Charity appeals beat political fundraisers

Kind-hearted donations flow in despite economic climate

Four fundraising appeals over the past two weeks saw just over €5 million flow from one set of pockets to another.

Malta’s middle class, which forms the backbone of such fundraising appeals, can definitely afford to donate €20 or €30 once a year

The record €3.3 million raised by L-Istrina was followed by another record, the €1 million amassed by Id-Dar tal-Providenza on New Year’s Day. When coupled with the €910,000 collected by both political parties just before Christmas, the total exceeds €5 million.

Donations came at the tail-end of a year that saw negative growth rates for two consecutive quarters, begging the question: is fundraising immune to economic ills?

Economist Joe Vella Bonnici believes that drawing a correlation between one and the other is not that clear-cut.

“The question is: if the economy were doing better, would these fundraisers have collected more money? I don’t think it’s as straightforward as saying yes or no,” he said.

He said that for many individuals donations still represented a relatively meagre portion of their income.

“Malta’s middle class, which forms the backbone of such fundraising appeals, can definitely afford to donate €20 or €30 once a year, be it to a charitable cause or a political one. God forbid it were otherwise,” Mr Vella Bonnici argued.

Financial analyst John Cassar White believes that the healthier year corporate organisations had had in 2012 when compared with 2011 reflected itself in fundraising totals.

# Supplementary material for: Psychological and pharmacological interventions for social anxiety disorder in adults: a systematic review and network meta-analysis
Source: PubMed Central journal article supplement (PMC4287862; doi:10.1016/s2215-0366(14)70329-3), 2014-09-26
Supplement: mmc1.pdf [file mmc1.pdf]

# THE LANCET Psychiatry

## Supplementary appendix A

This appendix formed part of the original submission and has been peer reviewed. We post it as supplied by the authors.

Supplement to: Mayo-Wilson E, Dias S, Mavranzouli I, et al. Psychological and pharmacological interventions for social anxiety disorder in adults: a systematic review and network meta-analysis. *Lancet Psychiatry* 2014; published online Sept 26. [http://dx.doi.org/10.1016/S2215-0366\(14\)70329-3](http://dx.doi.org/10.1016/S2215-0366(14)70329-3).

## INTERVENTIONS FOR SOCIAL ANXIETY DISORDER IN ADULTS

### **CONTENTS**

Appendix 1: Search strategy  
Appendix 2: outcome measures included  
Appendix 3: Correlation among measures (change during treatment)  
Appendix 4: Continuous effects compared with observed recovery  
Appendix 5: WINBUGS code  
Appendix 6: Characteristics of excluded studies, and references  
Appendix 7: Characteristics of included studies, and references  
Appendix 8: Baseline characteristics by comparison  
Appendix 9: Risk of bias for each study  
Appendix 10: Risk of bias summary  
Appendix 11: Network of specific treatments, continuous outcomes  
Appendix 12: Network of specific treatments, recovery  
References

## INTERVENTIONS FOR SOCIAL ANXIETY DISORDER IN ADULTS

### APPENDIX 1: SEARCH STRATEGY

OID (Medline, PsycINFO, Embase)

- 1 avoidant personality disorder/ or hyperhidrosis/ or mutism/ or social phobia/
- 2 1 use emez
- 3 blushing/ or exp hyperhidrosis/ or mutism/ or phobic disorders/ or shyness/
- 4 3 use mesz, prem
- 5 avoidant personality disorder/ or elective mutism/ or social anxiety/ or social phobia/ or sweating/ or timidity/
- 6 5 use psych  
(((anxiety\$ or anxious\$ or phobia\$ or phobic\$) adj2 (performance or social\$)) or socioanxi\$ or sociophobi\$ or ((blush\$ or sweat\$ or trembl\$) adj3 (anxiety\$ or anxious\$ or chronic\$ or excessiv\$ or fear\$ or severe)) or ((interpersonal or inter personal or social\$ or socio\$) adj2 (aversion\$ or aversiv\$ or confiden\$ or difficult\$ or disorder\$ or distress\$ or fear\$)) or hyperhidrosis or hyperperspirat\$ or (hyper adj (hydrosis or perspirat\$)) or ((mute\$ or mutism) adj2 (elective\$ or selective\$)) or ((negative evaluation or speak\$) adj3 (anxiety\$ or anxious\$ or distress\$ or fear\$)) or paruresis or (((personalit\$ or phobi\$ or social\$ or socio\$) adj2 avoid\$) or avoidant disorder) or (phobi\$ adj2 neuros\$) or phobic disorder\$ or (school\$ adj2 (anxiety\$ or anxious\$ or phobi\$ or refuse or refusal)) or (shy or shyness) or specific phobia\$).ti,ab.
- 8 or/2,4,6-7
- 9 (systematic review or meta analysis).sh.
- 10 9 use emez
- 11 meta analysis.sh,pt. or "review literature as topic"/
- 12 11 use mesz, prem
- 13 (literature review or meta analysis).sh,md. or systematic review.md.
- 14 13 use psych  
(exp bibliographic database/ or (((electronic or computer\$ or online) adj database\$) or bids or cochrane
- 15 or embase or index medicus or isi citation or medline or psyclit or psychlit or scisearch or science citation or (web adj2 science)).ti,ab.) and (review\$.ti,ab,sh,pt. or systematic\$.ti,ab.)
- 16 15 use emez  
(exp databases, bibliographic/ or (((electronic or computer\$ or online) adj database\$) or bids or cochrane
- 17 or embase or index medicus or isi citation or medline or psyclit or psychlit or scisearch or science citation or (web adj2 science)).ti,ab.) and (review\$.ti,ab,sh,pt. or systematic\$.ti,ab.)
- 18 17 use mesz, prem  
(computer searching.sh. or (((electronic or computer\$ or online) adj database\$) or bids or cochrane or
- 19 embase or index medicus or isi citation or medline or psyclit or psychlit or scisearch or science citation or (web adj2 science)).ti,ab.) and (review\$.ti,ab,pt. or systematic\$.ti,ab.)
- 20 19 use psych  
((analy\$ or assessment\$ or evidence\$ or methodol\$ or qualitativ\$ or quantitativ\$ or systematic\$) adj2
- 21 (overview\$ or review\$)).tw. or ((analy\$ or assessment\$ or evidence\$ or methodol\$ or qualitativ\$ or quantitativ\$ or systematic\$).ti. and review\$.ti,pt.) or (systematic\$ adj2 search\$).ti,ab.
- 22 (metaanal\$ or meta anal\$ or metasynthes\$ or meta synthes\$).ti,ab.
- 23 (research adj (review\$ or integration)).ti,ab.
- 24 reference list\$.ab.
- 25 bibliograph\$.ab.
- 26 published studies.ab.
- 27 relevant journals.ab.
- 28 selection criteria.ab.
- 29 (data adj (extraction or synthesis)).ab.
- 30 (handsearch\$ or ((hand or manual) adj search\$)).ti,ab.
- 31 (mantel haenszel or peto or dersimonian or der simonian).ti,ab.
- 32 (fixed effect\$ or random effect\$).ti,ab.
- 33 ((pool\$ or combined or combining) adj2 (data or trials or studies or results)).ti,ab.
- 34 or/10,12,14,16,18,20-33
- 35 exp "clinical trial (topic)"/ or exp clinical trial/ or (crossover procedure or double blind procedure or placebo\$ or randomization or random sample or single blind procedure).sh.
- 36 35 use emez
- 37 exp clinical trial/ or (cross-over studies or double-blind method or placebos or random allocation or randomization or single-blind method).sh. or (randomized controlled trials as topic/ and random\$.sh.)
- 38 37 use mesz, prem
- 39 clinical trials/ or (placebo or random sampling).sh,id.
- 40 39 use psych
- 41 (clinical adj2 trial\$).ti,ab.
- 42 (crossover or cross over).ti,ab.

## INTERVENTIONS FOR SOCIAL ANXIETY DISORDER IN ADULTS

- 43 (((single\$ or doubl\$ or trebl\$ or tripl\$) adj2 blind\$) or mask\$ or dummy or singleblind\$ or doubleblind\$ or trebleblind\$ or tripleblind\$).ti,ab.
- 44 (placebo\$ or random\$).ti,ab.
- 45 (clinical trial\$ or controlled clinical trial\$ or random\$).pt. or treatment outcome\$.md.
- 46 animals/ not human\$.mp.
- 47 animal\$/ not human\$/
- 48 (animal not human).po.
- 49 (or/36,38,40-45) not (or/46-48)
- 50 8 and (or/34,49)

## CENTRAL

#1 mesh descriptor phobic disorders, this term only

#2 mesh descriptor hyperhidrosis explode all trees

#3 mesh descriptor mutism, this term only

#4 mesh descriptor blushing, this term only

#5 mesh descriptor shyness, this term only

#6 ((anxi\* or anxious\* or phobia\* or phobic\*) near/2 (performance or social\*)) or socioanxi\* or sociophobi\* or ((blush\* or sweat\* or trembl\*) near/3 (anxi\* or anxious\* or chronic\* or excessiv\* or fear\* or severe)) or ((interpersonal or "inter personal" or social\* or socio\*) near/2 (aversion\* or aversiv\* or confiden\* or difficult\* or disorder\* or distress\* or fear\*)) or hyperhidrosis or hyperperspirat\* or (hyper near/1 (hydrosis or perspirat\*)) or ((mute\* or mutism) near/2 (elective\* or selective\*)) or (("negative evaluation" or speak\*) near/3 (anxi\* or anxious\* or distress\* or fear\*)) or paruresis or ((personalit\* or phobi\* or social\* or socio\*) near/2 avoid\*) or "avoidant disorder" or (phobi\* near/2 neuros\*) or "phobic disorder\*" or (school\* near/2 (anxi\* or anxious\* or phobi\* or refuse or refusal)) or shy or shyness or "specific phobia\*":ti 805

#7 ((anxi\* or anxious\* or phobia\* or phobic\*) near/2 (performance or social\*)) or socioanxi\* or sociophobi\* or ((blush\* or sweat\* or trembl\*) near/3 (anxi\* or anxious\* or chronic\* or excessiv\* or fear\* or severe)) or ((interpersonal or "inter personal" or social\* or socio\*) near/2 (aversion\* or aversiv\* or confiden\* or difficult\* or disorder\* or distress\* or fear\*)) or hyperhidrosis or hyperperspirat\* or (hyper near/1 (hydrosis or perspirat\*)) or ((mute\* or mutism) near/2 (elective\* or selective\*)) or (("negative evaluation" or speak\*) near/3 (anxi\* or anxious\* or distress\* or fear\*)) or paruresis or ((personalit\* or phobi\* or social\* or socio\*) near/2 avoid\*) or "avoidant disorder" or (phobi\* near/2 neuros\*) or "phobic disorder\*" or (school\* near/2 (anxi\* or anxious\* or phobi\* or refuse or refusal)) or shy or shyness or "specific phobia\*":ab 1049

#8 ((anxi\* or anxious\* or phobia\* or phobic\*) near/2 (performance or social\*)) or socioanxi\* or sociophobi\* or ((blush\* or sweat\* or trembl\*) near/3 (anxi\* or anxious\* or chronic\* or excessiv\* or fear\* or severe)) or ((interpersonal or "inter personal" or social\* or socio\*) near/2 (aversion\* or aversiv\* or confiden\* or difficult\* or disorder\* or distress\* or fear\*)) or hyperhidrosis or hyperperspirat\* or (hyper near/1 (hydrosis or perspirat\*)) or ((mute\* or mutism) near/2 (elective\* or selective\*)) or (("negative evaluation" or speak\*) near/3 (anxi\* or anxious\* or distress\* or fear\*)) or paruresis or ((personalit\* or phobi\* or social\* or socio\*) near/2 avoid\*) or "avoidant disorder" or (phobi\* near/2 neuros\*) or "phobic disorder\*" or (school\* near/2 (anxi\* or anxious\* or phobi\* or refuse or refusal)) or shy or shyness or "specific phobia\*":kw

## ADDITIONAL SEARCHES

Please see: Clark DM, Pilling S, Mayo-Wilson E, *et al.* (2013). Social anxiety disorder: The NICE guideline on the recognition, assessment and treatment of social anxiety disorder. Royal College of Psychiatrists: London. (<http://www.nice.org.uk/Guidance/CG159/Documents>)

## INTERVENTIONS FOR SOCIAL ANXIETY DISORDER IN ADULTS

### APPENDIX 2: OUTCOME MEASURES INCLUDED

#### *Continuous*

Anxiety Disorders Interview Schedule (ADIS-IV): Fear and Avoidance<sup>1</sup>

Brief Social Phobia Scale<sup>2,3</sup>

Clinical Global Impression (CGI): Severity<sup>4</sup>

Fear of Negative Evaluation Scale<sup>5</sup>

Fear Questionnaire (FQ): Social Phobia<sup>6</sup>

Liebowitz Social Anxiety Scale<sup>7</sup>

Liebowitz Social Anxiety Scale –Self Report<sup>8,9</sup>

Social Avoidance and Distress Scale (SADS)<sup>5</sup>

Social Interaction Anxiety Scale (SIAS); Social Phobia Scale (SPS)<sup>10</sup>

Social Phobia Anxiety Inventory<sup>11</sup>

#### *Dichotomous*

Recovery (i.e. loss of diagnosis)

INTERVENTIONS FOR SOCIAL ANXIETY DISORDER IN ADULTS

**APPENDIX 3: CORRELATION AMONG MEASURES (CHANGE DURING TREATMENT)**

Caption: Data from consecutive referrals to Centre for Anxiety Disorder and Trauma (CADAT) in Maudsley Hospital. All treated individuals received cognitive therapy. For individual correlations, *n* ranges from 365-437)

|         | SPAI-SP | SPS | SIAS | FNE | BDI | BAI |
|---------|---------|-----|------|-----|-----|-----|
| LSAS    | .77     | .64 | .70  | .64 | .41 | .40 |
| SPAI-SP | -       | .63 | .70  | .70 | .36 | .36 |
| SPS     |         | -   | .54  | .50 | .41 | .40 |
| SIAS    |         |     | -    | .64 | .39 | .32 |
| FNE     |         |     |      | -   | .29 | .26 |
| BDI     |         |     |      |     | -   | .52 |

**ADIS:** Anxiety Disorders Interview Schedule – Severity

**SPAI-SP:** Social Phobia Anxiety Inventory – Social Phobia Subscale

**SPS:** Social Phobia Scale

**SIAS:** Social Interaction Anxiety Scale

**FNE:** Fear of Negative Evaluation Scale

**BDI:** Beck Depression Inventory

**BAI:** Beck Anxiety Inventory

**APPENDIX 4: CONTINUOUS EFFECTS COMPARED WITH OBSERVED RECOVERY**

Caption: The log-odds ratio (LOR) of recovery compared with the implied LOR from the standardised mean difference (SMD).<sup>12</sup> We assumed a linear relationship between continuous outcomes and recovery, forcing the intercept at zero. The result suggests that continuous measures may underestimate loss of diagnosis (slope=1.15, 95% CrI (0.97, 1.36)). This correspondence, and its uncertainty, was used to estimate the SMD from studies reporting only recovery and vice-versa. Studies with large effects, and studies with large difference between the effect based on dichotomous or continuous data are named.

“The biggest donors to L-Istrina were banks, which had a fairly good year profit-wise. I think that had a positive effect on fundraising efforts,” he said.

Both analysts spoke with enthusiasm about the record amounts of money charity fundraisers had amassed. But did people’s public generosity risk tempting the State into tightening its own purse strings?

Could the State, mindful of tight budgets, see public collections, such as L-Istrina, as a way of making up for its own shortfalls?

Not really, said Mr Cassar White. “The Government will always have an eye to balancing the Budget, so it will always feel pressured into reducing discretionary income.

“But rather than cutting down on its contributions to voluntary organisations, I think the Government is more interested in ensuring the money it donates is being used wisely.”

Professional fundraiser Valentina Bach said it was customary for grants from public authorities and large corporations to shrink during lean economic times.

“But in compensation, donations from private individuals tend to increase. Perhaps it’s people who can afford it, realising it’s their time to step up to the plate,” said Ms Bach, who serves as development director for the United World College of the Adriatic in Duino, Italy.

While both L-Istrina and Id-Dar tal-Providenza had record fundraising years, the €1 million-odd raised by the two large political parties, although higher than last year’s total, was below the amounts they had secured in the run-up to the 2008 election.

Mr Cassar White was struck by the lower totals political parties had managed to secure from backers.

“Perhaps people are a little bit cynical about politics now. And that would reflect trends seen overseas, too,” he said, pointing out the anomaly of local political parties tying their cash appeals to the Christmas season.

Mr Vella Bonnici thinks the amounts – €415,000 for Labour, and €495,000 for the Nationalists – would have been even lower had it not been an election year.

“Companies tend to think twice about skipping a political donation when there’s an election around the corner.”


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